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A box jump, which is a lower body power exercise
Continuing Education3 Credits

Power (High-velocity) Training: Introduction

Introduction to power and high-velocity training - recommended progressions, sets, and repetitions for upper and lower body power and explosive exercise. Muscular, neural, and force requirement between power training, strength training, and Olympic lifting.

Course Description: Power Training

This course discusses power training, which could be viewed as a type of strength training (a.k.a. weight training, resistance training, strength workout) specifically designed to improve activities that require high velocity or maximal speed. For example, a power training routine may be designed to improve vertical jump height, and may not be beneficial for improving 1-repetition maximum strength during a back squat.

A comprehensive systematic research review is included in this course, detailing the neural adaptations, muscle adaptations (morphological changes), effect on short and long-term hormone concentrations, comparisons between strength and power training, and evidence-based recommendations for acute variables (reps, intensity, frequency, volume, power specific cues) and programming. Some findings from the included systematic review resulted in counter-intuitive, or at least less conventional recommendations. For example, the use of bodyweight resistance during many exercises may be more beneficial than barbell-loaded variations, and there is research to suggest that Olympic lifts are not ideal for power training.

Movement professionals (personal trainers, fitness instructors, physical therapists, athletic trainers, massage therapists, chiropractors, occupational therapists, etc.) should consider power training a pillar of athletic performance training, and potentially beneficial for fitness and rehabilitation programs. This course is part of our continued effort to optimize, evidence-based “exercise program design” recommendations.

Additional Courses:

Some Helpful Definitions for Learning about Power Training

  • Power - “How fast did you work?”, Power = Force x Distance/Time. In health and human performance power most often refers to high-velocity activity.
  • Force-velocity curve - The force-velocity curve expresses the relationship between the amount of force a muscle can generate and the velocity of the moving joint. Generally, an increase in peak power will result in a shift up and to the right of the force/velocity curve, representing a significant increase in the rate of force development (RFD).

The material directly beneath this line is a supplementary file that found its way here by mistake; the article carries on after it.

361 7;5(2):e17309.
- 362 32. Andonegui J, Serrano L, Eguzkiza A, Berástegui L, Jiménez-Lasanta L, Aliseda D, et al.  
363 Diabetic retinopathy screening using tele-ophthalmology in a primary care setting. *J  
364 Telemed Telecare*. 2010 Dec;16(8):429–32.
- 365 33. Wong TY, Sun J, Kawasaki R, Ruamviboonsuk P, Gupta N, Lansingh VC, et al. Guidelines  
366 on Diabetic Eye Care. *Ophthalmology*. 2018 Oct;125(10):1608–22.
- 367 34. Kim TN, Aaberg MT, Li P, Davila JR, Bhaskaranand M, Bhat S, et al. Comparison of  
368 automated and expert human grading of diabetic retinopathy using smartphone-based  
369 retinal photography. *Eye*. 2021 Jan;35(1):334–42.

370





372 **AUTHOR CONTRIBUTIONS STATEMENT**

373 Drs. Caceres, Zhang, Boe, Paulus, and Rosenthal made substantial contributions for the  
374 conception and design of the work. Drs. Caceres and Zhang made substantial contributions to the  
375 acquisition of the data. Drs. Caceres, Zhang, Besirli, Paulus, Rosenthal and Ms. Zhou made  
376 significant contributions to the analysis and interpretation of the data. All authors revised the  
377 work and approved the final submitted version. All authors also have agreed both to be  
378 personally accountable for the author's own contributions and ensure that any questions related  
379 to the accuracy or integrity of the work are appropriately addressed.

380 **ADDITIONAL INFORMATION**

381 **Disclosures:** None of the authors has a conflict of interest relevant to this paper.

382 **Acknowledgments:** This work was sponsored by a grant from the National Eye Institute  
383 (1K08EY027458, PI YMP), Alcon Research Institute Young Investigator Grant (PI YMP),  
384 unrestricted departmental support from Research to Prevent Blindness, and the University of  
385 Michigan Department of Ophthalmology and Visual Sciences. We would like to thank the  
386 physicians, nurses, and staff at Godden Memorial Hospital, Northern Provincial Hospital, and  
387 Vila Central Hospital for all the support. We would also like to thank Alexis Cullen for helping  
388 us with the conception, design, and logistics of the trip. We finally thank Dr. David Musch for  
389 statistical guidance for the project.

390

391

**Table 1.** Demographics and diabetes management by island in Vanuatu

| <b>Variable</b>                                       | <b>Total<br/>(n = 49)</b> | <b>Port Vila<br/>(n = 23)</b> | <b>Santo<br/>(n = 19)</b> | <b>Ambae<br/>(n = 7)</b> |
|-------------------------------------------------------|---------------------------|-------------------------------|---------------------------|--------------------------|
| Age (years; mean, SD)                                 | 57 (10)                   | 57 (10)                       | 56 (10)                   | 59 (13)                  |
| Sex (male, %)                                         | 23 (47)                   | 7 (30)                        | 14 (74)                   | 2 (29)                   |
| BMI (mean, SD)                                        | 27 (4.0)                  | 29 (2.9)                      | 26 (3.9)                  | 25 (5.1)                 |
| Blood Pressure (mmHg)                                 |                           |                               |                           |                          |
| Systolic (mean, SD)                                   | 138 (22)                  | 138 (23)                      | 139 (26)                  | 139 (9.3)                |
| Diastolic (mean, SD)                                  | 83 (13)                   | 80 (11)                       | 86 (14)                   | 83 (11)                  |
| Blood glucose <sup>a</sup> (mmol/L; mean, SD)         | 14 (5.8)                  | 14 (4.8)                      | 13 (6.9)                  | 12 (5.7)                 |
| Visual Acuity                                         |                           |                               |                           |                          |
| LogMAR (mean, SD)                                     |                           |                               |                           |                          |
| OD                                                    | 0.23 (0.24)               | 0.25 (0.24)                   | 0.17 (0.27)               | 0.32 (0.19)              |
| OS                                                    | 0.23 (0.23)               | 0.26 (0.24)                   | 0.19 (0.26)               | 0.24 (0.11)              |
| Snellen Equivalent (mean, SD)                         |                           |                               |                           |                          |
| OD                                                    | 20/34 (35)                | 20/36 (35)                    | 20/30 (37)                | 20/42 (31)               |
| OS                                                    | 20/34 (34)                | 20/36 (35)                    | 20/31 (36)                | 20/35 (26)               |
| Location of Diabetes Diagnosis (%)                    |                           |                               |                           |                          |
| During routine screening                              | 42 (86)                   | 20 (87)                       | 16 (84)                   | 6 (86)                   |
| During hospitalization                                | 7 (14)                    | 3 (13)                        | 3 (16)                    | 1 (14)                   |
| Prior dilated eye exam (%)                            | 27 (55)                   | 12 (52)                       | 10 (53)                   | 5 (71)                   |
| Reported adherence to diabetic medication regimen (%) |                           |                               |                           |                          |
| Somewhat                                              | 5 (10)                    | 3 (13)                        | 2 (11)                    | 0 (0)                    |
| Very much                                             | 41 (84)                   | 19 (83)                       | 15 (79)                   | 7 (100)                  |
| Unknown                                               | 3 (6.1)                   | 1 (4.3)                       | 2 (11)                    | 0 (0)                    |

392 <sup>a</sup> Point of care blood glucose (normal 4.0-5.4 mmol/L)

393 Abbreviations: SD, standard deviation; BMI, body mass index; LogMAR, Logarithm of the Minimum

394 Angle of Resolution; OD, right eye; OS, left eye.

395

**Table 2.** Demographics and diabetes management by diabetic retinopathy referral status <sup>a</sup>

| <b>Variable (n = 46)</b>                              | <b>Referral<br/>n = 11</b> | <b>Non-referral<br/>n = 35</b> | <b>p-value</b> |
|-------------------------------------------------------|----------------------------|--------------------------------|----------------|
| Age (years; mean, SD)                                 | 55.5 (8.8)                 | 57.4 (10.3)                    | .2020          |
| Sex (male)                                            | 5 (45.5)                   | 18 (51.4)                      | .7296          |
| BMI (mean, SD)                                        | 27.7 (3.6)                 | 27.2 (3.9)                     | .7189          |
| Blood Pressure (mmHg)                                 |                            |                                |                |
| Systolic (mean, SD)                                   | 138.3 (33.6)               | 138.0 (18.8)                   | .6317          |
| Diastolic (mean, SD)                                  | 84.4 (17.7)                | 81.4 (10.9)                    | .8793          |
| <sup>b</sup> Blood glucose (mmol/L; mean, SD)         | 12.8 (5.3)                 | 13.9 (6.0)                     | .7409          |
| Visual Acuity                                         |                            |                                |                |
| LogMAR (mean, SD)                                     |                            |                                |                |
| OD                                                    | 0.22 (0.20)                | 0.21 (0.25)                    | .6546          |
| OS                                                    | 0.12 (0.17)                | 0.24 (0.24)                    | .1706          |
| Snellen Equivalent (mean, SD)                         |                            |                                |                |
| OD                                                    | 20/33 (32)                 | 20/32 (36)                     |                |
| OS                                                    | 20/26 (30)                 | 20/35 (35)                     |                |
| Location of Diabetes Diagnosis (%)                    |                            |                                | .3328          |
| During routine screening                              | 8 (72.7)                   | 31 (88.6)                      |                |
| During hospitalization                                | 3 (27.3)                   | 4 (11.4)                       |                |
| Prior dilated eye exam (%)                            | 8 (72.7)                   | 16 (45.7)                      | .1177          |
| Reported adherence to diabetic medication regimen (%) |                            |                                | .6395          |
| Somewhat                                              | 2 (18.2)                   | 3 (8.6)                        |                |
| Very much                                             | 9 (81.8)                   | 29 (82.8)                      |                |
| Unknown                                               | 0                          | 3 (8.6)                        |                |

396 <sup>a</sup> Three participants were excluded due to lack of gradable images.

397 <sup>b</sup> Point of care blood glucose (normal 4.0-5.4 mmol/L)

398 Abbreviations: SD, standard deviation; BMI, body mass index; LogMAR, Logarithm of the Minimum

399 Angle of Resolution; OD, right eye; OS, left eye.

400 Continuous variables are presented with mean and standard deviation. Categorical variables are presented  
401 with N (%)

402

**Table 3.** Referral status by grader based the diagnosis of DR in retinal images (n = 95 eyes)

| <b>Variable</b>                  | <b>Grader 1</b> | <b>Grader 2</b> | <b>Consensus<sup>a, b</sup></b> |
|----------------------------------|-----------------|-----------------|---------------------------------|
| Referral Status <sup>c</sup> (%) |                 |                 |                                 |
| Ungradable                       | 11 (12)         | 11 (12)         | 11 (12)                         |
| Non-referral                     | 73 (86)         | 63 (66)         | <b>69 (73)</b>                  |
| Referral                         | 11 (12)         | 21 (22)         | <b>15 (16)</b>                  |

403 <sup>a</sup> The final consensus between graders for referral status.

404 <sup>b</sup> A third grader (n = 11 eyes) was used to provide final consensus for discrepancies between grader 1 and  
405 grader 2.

• Amortization phase - The transitional phase between eccentric and concentric contractions. For example, during a counter movement jump (CMJ), the initial quick descent and backswing of the arms would be the eccentric phase, and the bottom position would be the amortization phase. Generally, the focus is placed on shortening the amortization phase during training.
  • Stretch Shortening Cycle (SSC) - A successive combination of eccentric and concentric action; resulting in more power generated during the concentric action than would be generated if the concentric action was performed alone. Research suggests high-velocity SSC contractions start with a forceful eccentric lengthening of muscle fibers while EMG activity increases, followed by a period of near isometric contraction of the activated muscle fibers while the tendon continues to lengthen, followed by shortening of both the tendon and the muscle fiber complex during the concentric contraction.

Brookbush Institute Position Statement for Power Training

A combination of max strength and power training is likely ideal for improving high-velocity activity performance. When training specifically for power (maximum velocity and speed), repetition velocity is the most important acute variable. Repetitions should include a stretch-shortening cycle and a force-velocity curve that is analogous to the activities being trained for. Generally, this implies that power training repetitions should include a quick eccentric load, an amortization phase, a follow-through (no deceleration to stay on the ground or hold on to an object), and soft catches and landings. Load should be limited to the amount of resistance that can be used without decreasing velocity. Research implies that ideal acute variable recommendations for power exercise are 3-5 sets/muscle group and 3-10 repetitions performed until velocity decreases/set.

Study Guide: Power (High-velocity) Training: Introduction

Introduction: Power Training

2 sub-categories

Summary of Research Review

4 sub-categories

Definitions (Foundational Concepts)

2 sub-categories

Neural Adaptations

4 sub-categories

Muscle Fiber Adaptations

4 sub-categories

Hormones, Enzymes and Power

Relationship Between Strength and Power

Training Modalities

4 sub-categories

Acute Variables

2 sub-categories

Why Not Olympic Lifts

Power Training Progressions

2 sub-categories

Practical Application Summary


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1. Terminology

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